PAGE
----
This is not to say that Kerry doesn't deserve his near nominee status. He has proved the most solid of the bunch. He kept his screeches private, even when his prospects were being ridiculed, and worked hard to overcome his inner patrician. He relearned the English language by endlessly fielding questions in town meetings. He has showed his intelligence and experience. But Kerry still has weaknesses as a candidate. His message isn't as positive or optimistic as it might be. His weathered sobriety has a dour, cautious tinge to it. He is a warrior but not a very happy one.
Kerry's best lineshis only memorable lines, in facthave been testosterone-laden attacks on the President: "I know something about aircraft carriers for real, Mr. President" and "This Administration has run the most reckless, arrogant, inept and ideological foreign policy of modern history" and, of course, "Bring it on." The Senator doesn't do so well describing how he would clean up the mess in Iraq or at home. He has the regulation roster of plans and programs; some, like his energy-independence plan, are quite good. But he hasn't yet figured out how to explain them simply, and too often he resorts to the most ancient and threadbare Democratic nostrums: "Health care is not a privilege. It is a right" and "I will go to the United Nations ... and turn over a new page in America's relations with the world."
A tussle with John Edwards would be the perfect antidote for Kerry's weaknesses. It would be lovely to see the two of them debate. Edwards is Kerry's bookend as a candidate. He is too shiny by half, inexperienced in foreign policy and uncomfortable on the attack (even against the President), but there is a classic American self-improved sunniness to the man, an optimism that leavens his slightly overwrought us-against-them populism. Edwards' campaign has been distinguished by a carefully calibrated and easily explained series of positions on domestic policy issues. After describing a problem, Edwards brightens and says, "Here's what we're gonna do about that."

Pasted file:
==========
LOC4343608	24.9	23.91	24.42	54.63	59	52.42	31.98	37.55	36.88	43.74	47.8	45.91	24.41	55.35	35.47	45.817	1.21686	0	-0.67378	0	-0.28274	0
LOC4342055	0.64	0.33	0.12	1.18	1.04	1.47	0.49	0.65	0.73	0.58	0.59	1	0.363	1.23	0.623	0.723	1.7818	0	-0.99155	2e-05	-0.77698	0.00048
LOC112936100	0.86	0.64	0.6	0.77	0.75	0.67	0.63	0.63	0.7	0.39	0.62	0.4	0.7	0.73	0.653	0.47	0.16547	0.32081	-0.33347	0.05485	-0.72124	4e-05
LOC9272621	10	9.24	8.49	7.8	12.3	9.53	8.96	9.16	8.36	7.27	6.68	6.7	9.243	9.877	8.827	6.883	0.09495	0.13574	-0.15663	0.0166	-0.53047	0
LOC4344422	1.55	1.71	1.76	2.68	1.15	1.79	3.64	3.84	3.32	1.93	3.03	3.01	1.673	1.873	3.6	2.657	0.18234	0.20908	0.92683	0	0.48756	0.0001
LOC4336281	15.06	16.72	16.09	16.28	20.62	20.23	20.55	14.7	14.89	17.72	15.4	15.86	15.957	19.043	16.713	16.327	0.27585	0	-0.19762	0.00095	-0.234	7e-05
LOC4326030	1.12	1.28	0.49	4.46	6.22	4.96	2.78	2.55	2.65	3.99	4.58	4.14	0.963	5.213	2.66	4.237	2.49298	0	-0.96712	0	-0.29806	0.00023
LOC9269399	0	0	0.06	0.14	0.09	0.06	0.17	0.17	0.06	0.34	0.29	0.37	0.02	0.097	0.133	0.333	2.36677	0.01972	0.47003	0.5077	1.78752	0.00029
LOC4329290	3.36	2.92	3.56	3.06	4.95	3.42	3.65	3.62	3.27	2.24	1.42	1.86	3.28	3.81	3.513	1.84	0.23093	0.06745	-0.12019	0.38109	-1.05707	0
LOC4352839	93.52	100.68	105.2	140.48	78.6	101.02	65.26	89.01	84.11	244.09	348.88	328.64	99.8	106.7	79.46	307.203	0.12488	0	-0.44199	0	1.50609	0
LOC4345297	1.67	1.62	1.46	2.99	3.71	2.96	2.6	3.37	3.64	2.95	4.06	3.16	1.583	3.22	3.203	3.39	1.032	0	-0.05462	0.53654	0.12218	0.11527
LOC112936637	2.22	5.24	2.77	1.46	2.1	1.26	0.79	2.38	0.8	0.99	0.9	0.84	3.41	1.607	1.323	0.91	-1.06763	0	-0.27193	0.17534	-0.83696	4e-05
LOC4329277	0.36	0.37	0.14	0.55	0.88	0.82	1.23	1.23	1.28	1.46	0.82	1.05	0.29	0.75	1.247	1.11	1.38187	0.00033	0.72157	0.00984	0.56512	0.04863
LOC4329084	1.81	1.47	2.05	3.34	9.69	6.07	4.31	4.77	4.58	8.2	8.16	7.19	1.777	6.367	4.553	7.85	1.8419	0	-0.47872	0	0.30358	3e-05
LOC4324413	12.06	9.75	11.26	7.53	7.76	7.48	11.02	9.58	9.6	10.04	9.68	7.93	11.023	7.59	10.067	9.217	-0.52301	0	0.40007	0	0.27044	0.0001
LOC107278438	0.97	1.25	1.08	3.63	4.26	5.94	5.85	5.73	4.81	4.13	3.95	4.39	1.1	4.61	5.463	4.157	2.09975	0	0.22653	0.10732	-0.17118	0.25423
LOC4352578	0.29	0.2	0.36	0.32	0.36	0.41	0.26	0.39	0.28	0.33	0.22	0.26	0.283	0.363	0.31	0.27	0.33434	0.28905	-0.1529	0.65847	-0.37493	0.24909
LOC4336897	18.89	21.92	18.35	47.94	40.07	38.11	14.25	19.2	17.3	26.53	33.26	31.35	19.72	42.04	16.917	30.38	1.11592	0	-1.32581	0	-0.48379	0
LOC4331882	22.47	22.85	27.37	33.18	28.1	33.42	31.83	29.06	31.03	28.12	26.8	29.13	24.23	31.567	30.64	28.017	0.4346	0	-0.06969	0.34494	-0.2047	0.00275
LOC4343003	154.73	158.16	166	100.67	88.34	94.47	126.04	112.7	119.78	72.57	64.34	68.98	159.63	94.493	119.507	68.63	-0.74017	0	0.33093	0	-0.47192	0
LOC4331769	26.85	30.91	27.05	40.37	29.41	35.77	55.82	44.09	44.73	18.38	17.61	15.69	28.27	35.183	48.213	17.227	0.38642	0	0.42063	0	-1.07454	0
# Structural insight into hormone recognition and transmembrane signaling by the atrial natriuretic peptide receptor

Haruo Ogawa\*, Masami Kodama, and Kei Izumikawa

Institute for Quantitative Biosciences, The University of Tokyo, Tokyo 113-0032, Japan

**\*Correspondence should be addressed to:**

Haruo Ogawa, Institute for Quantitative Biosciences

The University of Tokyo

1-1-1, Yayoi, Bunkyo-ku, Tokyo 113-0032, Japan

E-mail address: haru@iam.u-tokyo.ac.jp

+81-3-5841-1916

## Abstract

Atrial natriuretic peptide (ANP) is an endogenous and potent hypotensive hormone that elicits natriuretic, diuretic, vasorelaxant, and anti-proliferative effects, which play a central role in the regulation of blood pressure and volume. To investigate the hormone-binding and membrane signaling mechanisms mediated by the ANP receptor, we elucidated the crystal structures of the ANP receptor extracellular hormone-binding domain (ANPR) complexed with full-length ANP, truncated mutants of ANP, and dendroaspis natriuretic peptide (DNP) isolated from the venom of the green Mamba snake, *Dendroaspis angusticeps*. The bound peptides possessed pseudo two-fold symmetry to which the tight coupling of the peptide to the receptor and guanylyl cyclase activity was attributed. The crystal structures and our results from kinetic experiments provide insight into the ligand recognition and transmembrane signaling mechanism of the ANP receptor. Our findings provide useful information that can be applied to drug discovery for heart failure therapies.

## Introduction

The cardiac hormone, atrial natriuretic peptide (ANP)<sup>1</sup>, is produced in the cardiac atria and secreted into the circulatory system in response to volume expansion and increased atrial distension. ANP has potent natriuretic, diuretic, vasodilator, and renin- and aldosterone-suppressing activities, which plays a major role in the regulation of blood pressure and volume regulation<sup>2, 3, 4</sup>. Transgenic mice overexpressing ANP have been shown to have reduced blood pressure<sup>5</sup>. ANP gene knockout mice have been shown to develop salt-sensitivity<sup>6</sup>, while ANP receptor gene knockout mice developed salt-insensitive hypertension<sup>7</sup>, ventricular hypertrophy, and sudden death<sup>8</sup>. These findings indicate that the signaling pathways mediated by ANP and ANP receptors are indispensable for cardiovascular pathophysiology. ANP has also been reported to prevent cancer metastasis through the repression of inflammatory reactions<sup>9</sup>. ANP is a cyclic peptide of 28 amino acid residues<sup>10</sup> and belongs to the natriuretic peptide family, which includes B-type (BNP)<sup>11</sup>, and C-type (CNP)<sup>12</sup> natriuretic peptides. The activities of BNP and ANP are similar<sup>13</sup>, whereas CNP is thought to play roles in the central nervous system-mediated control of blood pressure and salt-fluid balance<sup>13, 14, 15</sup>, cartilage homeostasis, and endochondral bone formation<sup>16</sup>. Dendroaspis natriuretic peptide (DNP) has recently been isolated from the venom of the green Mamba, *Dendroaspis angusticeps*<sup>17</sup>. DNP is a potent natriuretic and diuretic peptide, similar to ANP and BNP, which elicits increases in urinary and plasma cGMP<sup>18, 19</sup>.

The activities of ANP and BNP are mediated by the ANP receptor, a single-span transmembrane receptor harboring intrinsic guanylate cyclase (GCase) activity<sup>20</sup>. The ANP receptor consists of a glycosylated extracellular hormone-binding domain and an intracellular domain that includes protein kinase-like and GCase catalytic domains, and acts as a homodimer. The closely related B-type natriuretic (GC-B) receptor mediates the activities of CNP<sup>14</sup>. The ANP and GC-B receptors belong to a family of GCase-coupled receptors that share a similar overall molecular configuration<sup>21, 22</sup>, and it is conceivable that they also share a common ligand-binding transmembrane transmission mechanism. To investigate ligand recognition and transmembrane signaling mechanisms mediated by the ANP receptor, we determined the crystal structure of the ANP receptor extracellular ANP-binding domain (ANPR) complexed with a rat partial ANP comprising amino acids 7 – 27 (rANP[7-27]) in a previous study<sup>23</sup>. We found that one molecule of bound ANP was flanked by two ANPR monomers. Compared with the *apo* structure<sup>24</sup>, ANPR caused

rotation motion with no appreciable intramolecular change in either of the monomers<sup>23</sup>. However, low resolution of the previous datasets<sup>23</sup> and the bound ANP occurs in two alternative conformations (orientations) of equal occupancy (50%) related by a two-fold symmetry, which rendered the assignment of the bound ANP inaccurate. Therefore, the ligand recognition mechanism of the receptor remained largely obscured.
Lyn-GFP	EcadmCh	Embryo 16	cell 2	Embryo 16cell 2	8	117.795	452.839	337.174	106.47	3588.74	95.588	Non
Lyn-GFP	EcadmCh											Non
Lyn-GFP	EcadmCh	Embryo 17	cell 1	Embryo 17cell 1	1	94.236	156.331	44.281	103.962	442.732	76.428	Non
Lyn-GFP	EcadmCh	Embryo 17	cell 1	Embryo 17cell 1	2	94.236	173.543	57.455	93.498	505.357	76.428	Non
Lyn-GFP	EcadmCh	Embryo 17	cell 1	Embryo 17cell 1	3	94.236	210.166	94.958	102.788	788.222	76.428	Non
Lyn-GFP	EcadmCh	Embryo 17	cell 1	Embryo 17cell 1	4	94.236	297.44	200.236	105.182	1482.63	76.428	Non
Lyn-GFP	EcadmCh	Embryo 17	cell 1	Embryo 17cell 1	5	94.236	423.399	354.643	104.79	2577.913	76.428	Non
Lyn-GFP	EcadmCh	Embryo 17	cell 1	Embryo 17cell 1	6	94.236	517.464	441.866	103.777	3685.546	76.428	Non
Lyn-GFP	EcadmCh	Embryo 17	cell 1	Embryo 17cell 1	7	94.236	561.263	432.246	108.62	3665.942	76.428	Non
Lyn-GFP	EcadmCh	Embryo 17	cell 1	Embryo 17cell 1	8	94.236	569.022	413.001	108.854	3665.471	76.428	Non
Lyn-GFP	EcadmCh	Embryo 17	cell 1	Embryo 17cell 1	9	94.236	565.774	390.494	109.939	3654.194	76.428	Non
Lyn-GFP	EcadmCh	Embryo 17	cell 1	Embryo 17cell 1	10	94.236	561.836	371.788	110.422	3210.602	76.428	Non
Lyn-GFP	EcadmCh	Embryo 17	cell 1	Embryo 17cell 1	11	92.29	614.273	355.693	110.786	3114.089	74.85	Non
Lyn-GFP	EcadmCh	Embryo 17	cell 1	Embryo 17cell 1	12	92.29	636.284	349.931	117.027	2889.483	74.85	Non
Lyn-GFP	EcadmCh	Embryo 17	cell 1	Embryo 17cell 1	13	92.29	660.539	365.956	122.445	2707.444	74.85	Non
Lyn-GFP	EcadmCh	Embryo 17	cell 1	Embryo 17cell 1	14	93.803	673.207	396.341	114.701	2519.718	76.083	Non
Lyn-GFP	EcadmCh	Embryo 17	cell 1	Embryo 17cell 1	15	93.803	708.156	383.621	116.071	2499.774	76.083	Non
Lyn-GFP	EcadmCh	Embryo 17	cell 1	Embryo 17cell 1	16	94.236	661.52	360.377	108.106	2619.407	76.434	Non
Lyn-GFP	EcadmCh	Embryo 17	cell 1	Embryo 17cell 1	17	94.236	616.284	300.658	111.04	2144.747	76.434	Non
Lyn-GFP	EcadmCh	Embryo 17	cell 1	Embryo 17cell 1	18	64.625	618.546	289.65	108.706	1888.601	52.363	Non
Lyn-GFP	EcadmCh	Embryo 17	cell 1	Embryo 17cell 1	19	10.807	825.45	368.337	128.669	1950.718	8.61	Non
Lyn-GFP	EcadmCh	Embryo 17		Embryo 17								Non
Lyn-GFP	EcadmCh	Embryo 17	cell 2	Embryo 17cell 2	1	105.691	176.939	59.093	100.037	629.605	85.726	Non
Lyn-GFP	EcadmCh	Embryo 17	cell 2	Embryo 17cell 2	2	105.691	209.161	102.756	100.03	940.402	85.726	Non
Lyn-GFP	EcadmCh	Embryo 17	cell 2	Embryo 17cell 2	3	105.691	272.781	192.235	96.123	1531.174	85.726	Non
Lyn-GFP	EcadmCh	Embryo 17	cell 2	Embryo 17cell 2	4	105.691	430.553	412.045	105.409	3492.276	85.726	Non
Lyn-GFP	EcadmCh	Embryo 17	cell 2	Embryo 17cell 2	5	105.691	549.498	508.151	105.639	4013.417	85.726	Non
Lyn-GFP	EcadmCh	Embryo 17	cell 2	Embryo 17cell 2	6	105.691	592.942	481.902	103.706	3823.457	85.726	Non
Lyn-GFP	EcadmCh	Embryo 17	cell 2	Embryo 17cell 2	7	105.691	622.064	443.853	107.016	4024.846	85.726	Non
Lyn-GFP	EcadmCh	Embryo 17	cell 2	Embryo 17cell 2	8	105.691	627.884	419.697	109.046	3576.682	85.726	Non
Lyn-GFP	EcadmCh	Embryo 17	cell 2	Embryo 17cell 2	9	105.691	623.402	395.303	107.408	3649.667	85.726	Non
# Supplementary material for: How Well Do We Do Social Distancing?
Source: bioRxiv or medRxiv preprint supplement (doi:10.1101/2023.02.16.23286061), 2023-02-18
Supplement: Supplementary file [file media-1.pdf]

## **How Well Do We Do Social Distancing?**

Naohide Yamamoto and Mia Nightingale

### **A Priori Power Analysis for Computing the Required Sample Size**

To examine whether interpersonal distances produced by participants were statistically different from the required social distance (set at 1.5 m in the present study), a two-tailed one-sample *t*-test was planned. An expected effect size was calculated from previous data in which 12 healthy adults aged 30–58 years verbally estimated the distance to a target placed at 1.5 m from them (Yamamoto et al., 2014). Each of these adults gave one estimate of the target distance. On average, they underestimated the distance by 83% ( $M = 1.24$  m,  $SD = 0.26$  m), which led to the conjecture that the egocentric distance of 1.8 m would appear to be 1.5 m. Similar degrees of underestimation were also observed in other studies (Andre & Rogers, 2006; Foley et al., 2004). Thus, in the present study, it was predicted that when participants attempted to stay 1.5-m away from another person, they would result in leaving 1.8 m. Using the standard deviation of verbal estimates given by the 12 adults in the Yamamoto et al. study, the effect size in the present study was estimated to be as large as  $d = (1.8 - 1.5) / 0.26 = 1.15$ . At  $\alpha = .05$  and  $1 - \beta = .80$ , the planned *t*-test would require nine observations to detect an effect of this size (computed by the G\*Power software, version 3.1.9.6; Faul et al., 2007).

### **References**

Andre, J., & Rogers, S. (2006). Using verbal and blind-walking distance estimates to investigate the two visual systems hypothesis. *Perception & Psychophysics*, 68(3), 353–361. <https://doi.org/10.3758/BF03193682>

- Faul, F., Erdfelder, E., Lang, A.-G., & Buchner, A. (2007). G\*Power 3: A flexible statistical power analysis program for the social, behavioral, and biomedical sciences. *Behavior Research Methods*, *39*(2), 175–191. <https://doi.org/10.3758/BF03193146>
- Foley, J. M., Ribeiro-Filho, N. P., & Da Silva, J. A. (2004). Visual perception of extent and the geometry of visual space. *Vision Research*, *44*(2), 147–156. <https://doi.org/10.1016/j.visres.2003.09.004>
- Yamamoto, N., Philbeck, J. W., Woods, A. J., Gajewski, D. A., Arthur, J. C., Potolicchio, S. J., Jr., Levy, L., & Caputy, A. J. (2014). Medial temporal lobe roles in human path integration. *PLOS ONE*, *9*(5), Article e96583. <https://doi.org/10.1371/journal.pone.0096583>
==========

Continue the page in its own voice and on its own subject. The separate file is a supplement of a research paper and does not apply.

And almost involuntarily, his audiences are swept up in his enthusiasm. Edwards' solutions are not the usual Democratic Party pap. He does not overpromise: his College for Everyone plan demands that poor students take part-time jobswaiting tables, sweeping floors, unloading trucksin return for tuition assistance. "I did it," he says, "and it didn't hurt me any."
So why not a Two Johns debate? Well, there's all the underbrush cluttering the Democratic field. Dennis Kucinich and Al Sharpton still wander about, despite the ridiculousness of their candidacies. Howard Dean, a sad figure now, is intent on remaining around until next week's Wisconsin primary. Wesley Clark has a better claim to the stage. He won Oklahoma and has finished second in three other states, but his candidacy turned venomous last week with a series of overcooked attacks on Kerry and, especially, Edwards, and he would be a less reliable debate partner for the front runner. Which raises the obvious question: What's in it for Kerry?
The Senator from Massachusetts remains a stranger to much of the country. He is at his best under fire (without a crisis, he slips into elitist autopilot), and he is a strong debater. Edwards' sunny solutions would force Kerry to edit his prolix gloominess. If the two stuck to the issues and away from personal nastinessas is likely, given their mutual respectboth might prosper. In any case, these primaries deserve a more satisfying, less truncated conclusion. Voters in states like New York, California and Florida, who cast their ballots in March, will probably be left to ratify a choice already made for them. And the Democratic Party could use any excuse to keep a very successful show on the road.